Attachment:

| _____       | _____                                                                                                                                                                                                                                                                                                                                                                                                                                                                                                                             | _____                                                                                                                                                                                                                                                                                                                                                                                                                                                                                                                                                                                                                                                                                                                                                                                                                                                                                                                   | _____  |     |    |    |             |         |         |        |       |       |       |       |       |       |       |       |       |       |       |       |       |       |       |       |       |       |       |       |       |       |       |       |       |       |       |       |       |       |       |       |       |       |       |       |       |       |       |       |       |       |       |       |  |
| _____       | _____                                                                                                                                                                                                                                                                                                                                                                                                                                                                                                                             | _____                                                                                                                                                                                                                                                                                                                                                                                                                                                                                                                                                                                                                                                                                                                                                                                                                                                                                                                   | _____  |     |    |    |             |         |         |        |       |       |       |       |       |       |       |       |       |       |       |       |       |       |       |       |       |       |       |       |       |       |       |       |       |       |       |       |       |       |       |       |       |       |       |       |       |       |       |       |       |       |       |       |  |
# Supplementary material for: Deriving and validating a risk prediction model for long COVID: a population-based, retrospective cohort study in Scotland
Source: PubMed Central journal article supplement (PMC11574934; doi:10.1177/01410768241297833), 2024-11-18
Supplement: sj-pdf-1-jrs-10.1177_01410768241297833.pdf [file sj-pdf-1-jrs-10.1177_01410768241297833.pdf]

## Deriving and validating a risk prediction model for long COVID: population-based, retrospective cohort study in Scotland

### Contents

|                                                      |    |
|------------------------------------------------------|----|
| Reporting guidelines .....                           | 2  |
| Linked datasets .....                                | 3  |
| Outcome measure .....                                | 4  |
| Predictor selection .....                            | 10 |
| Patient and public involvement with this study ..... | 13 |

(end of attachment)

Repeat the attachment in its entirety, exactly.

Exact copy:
| _____       | _____                                                                                                                                                                                                                                                                                                                                                                                                                                                                                                                             | _____                                                                                                                                                                                                                                                                                                                                                                                                                                                                                                                                                                                                                                                                                                                                                                                                                                                                                                                   | _____  |     |    |    |             |         |         |        |       |       |       |       |       |       |       |       |       |       |       |       |       |       |       |       |       |       |       |       |       |       |       |       |       |       |       |       |       |       |       |       |       |       |       |       |       |       |       |       |       |       |       |       |  |
| _____       | _____                                                                                                                                                                                                                                                                                                                                                                                                                                                                                                                             | _____                                                                                                                                                                                                                                                                                                                                                                                                                                                                                                                                                                                                                                                                                                                                                                                                                                                                                                                   | _____  |     |    |    |             |         |         |        |       |       |       |       |       |       |       |       |       |       |       |       |       |       |       |       |       |       |       |       |       |       |       |       |       |       |       |       |       |       |       |       |       |       |       |       |       |       |       |       |       |       |       |       |  |
# Supplementary material for: Deriving and validating a risk prediction model for long COVID: a population-based, retrospective cohort study in Scotland
Source: PubMed Central journal article supplement (PMC11574934; doi:10.1177/01410768241297833), 2024-11-18
Supplement: sj-pdf-1-jrs-10.1177_01410768241297833.pdf [file sj-pdf-1-jrs-10.1177_01410768241297833.pdf]

## Deriving and validating a risk prediction model for long COVID: population-based, retrospective cohort study in Scotland

### Contents

|                                                      |    |
|------------------------------------------------------|----|
| Reporting guidelines .....                           | 2  |
| Linked datasets .....                                | 3  |
| Outcome measure .....                                | 4  |
| Predictor selection .....                            | 10 |
| Patient and public involvement with this study ..... | 13 |